Thus, according to a preferred embodiment of the present invention, the catalyst used in the final stage of a multistage reforming process comprises an intermediate pore size crystalline silicate of small crystallite size and having a high silica to alumina ratio and having a low alkali content. According to a particularly preferred embodiment, the catalyst is presulfided or is sulfided during reforming operations.
The crystalline silicate component of the catalyst of the present invention is generally referred to herein as silicate or crystalline silicate, but also is commonly referred to as a zeolite.
The term "alkali" is used herein to mean Group IA metals. Preferred alkali metals for use in the catalyst of the final stage are sodium, potassium, cesium, lithium and rubidium. Sodium and potassium are more preferred. Sodium is the most preferred alkali metal for use in the catalyst.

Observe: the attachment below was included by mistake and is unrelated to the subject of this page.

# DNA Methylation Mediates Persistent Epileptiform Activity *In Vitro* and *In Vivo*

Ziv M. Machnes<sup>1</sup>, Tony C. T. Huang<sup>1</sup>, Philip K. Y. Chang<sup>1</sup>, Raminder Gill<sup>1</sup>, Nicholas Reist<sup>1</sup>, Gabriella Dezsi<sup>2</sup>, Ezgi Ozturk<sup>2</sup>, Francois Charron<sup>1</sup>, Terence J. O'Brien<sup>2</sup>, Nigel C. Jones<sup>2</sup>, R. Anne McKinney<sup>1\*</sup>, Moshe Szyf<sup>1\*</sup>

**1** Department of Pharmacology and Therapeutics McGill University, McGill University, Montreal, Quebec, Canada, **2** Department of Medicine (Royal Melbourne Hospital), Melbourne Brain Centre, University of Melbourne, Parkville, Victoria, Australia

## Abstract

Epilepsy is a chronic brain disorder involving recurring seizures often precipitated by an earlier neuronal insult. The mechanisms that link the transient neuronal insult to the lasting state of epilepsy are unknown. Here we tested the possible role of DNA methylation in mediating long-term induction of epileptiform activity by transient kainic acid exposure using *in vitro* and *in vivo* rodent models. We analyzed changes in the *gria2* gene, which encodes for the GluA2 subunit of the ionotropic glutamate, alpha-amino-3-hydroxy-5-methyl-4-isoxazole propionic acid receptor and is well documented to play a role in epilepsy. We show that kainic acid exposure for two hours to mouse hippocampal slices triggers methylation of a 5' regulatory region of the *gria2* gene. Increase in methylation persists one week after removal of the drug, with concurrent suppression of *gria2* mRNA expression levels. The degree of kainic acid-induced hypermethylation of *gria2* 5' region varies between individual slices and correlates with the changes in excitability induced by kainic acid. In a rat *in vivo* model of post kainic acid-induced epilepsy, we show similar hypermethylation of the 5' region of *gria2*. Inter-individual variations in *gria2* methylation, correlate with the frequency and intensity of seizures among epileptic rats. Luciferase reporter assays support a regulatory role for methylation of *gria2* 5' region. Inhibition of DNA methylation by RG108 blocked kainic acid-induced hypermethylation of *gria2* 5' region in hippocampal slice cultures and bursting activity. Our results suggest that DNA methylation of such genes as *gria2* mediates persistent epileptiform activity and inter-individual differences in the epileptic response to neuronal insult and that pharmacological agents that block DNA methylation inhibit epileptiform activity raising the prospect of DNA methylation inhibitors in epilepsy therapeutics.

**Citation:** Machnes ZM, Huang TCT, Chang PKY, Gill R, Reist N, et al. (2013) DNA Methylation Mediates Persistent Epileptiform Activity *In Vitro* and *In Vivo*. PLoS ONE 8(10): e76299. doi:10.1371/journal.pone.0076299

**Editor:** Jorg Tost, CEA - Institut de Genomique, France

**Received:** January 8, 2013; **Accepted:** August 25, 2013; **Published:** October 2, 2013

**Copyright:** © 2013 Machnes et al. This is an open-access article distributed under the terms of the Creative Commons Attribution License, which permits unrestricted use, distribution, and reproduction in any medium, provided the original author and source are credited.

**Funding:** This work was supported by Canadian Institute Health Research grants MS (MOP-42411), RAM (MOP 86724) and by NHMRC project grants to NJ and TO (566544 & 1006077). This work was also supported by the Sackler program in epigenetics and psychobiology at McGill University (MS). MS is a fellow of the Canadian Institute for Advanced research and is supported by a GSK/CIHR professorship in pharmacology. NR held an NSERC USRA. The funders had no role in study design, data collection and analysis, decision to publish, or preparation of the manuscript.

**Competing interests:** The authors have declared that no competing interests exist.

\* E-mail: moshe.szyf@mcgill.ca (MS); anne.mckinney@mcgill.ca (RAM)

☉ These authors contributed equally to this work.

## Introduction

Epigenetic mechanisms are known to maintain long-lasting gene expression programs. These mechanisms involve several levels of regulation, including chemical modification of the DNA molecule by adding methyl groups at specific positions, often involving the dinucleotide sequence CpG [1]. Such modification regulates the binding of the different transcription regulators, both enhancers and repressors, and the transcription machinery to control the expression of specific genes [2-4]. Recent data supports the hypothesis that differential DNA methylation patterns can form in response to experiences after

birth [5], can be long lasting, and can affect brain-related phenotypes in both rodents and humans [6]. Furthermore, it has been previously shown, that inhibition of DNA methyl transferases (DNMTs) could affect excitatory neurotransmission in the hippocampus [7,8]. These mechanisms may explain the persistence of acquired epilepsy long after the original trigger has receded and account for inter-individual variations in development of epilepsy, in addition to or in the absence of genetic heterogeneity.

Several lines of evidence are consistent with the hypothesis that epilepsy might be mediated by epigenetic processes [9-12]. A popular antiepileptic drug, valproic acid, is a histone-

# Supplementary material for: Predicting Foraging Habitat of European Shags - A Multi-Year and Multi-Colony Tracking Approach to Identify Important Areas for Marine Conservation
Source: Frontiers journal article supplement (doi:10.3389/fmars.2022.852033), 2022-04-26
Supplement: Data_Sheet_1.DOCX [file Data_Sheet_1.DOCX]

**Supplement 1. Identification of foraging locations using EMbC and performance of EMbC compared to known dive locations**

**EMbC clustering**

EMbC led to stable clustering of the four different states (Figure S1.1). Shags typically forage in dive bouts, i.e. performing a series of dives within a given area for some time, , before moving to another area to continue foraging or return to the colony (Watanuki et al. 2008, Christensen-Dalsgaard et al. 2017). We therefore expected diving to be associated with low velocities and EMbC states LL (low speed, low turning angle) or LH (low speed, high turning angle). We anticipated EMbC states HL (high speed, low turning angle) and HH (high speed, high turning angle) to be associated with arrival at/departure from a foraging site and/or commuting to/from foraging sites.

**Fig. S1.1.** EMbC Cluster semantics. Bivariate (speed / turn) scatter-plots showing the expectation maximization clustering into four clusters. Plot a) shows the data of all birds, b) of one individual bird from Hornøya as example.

The amount of alkali must be low, lower than the levels typically taught in the prior art for "non-acidic" catalyst. The amount of alkali will vary depending on the ratio of silica to alumina in the crystalline silicalite component of the catalyst, with less alkali being required as the silica to alumina ratio of the silicalite increases. Preferred amounts of alkali for the catalyst where the silica to alumina ratio is 500:1 or greater are less than 5000 ppm, more preferably less than 2500 ppm, and most preferably less than 1500 ppm.
Preferred amounts of the alkali for the catalyst where the silica to alumina ratio is 1000:1 or greater, are less than 2500 ppm, more preferably less than 1500 ppm, and most preferably less than 1000 ppm.
Amounts of alkali are by weight based on the total weight of the crystalline silicate component of the catalyst. The abbreviation ppm indicates part per million.